10. Litigation between new top-level domain aspirants. Just because ICANN says that one particular entity is entitled to operate a new top-level domain doesn't mean that all legal rights to using a particular string as a domain have been resolved.
  11. Data breaches everywhere. Dozens of inexperienced TLD operators + increased data collection duties for WHOIS + new data retention obligations = data breach. A data breach at a new top-level domain operator seems like a near certainty to me.

Is the public engaged by issues of internet governance?

No, and the absence of the "man on the street" from domain name policymaking might be a good thing. Hear me out on this.

Good thing. ICANN can focus on the technical and policy aspects of DNS management without dealing with grandstanding by lawmakers.

Bad thing. Without public engagement, domain name policy will skew toward whatever outcome is most revenue-enhancing for the domain name industry.

Good thing. Public engagement attracts Congress. The quality of the discussion and eventual policy outcome to emerge from ICANN will be superior than whatever result might come out of Congress.

Is ICANN as transparent as it should be?

ICANN could be more transparent. And it could pay more attention to conflicts of interest, and in building confidence and trust in its operations. Yet I think this is not quite the right question. I would ask: Is ICANN more transparent than any likely alternative?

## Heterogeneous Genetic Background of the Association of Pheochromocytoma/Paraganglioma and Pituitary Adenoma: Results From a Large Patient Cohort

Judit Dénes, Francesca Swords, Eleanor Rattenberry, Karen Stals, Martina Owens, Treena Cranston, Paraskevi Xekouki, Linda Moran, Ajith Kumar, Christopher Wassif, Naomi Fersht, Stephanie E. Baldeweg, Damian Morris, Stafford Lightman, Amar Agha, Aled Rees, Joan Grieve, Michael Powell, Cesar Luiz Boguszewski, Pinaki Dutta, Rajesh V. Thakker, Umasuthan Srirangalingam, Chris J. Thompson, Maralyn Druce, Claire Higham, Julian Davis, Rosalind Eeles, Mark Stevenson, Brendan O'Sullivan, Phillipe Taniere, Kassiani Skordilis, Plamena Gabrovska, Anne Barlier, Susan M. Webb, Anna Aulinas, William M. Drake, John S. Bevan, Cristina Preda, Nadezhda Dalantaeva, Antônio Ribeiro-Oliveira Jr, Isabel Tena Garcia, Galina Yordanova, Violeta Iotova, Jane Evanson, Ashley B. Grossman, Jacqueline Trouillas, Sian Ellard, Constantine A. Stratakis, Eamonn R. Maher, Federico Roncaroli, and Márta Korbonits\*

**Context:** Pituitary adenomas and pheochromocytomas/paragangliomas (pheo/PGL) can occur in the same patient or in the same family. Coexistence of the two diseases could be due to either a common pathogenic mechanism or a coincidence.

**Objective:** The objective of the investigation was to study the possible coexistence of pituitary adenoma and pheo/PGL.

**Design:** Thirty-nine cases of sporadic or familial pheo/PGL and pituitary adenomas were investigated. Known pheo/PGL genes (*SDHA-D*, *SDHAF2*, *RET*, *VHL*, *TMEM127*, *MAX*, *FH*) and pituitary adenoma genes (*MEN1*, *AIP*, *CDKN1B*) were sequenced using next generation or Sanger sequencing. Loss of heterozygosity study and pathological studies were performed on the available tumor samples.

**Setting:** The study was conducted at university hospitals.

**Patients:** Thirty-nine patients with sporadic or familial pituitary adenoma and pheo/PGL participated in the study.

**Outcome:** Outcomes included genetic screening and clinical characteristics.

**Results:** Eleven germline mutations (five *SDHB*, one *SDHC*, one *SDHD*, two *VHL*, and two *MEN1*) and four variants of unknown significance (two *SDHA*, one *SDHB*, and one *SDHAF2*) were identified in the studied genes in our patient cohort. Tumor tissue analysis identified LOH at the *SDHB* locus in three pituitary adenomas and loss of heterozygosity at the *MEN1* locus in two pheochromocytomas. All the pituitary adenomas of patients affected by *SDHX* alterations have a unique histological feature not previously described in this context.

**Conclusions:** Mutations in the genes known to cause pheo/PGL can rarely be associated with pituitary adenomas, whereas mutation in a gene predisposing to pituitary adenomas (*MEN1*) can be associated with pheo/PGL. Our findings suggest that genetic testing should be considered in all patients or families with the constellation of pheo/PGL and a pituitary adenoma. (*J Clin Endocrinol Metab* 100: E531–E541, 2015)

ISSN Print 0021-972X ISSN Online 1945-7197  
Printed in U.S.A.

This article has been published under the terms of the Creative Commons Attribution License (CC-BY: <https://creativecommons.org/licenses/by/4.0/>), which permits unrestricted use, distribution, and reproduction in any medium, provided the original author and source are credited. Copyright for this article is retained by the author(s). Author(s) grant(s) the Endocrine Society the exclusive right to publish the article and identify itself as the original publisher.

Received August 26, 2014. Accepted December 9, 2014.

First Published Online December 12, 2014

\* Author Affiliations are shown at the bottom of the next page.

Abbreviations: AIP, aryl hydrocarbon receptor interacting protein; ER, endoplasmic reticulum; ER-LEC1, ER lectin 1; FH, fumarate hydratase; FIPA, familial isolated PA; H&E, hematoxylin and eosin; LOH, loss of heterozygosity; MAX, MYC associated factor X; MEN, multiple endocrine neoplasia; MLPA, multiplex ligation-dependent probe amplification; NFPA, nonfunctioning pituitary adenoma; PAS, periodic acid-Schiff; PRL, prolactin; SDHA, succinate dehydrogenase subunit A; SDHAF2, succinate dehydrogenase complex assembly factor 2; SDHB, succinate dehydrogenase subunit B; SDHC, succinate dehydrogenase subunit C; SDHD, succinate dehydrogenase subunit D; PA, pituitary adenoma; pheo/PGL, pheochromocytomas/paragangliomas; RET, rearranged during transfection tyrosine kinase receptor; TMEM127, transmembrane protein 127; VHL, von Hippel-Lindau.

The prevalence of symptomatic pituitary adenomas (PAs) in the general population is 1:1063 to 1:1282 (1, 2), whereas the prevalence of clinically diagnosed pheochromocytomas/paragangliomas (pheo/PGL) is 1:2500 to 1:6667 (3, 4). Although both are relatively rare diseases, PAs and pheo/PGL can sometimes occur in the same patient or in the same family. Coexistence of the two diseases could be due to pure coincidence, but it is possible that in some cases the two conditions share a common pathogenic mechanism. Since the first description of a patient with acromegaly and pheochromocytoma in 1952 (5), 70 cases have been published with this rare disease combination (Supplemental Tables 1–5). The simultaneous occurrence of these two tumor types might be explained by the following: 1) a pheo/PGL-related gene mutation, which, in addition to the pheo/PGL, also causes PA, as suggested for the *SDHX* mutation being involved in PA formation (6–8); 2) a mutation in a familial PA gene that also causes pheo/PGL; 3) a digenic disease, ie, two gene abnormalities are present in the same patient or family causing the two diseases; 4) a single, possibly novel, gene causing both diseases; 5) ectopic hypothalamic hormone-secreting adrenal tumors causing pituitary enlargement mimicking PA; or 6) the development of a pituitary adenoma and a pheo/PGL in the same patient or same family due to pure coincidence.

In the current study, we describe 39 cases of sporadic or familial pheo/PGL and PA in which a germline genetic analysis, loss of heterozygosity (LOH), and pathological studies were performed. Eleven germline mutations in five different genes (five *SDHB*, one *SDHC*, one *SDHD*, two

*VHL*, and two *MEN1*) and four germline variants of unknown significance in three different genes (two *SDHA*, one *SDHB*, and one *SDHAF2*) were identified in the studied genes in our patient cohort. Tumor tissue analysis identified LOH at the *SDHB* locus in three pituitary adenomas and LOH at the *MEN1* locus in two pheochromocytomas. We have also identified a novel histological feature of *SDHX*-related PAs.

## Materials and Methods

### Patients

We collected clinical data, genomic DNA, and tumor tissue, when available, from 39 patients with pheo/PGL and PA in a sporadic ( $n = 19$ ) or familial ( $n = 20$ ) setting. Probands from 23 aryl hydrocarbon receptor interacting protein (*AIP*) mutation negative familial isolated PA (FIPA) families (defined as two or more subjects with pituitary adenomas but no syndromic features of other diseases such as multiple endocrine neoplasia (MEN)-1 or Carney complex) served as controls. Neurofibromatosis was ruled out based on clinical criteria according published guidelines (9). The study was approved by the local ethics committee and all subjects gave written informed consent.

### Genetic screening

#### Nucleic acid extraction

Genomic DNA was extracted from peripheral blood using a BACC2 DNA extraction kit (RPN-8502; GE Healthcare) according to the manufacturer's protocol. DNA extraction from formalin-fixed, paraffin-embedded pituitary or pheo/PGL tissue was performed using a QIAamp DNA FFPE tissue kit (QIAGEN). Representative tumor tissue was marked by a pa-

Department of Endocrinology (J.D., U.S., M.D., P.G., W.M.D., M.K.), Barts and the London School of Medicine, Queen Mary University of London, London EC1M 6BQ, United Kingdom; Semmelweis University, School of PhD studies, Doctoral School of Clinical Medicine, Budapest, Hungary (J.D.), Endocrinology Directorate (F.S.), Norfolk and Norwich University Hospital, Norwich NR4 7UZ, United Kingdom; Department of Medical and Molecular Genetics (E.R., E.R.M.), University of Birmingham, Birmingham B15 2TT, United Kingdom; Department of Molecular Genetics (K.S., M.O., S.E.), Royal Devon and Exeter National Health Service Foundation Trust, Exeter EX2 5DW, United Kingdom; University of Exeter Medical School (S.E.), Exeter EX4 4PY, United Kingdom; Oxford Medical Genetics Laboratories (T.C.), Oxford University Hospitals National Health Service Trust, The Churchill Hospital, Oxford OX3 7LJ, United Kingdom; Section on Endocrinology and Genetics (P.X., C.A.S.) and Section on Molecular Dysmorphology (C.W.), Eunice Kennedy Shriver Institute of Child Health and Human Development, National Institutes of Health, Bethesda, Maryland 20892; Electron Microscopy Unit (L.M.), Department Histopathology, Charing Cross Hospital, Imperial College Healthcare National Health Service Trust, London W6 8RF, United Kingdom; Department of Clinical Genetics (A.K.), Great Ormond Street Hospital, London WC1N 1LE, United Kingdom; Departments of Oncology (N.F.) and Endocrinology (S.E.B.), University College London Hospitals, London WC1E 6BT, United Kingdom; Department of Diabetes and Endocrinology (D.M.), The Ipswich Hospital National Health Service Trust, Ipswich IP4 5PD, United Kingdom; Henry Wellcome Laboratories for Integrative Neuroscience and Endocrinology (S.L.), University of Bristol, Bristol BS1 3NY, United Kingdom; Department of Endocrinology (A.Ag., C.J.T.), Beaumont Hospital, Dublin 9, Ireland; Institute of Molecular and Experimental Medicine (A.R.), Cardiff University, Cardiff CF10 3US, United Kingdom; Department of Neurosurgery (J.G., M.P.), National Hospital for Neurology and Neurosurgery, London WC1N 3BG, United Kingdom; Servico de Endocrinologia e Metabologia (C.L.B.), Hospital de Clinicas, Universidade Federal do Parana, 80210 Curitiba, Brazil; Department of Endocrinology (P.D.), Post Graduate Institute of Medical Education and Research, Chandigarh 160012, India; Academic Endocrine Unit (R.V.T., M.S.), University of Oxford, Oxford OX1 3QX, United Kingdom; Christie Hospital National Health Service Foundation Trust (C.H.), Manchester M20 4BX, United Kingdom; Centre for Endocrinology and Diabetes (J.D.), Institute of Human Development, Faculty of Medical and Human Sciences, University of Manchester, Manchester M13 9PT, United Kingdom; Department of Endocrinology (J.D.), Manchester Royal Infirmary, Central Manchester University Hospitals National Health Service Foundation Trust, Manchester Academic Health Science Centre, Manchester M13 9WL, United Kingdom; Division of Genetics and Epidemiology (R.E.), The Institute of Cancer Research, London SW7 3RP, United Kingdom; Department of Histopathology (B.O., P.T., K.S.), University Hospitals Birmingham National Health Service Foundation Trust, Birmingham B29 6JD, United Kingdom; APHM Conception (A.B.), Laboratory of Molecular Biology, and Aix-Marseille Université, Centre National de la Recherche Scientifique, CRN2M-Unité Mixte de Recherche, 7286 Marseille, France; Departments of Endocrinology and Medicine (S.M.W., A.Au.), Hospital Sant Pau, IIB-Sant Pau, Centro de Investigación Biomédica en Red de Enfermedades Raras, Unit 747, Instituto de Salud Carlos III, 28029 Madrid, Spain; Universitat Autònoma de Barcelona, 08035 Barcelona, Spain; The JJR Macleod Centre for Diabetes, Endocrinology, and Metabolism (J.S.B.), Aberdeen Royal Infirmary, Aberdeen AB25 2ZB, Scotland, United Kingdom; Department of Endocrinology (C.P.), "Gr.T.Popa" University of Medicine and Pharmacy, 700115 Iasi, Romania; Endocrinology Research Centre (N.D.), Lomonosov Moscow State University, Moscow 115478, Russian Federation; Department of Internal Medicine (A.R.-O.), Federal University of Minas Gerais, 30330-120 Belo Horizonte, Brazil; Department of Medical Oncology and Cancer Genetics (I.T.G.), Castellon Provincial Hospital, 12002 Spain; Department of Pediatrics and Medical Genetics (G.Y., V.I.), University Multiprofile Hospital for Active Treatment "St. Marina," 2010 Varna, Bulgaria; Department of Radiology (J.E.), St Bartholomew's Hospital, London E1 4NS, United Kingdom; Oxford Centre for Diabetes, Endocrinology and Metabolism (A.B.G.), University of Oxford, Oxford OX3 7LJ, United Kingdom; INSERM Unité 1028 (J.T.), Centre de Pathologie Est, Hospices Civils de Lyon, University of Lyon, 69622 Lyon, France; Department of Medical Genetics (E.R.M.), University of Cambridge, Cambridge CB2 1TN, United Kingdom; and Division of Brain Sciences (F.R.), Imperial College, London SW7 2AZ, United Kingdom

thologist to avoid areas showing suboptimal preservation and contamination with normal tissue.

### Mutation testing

The answer to this question is definitely yes. ICANN is definitely more transparent than the Department of Commerce, or Congress, or the International Telecommunication Union, or ICANN's own Government Advisory Committee. None of these entities make public who is lobbying them, they are all expensive to lobby, all except Congress operate behind closed doors, and all of them operate for the benefit of businesses and governments. At ICANN, internet users are explicitly recognized as a constituency and an important source of policy views. The ICANN internet user community is a frustrated lot (they do not prevail on most issues), but their voices are heard.

All in all, ICANN is not a bad forum for the internet user, especially when you consider the alternative. 

By Thomas O'Toole

Follow @tjotoole on Twitter Follow me on Twitter at @tjotoole.

  1. Long-winded commentaries about irrelevant topics are reserved for the Public Forum, a regular ICANN meeting feature that takes place just before the ICANN board meeting.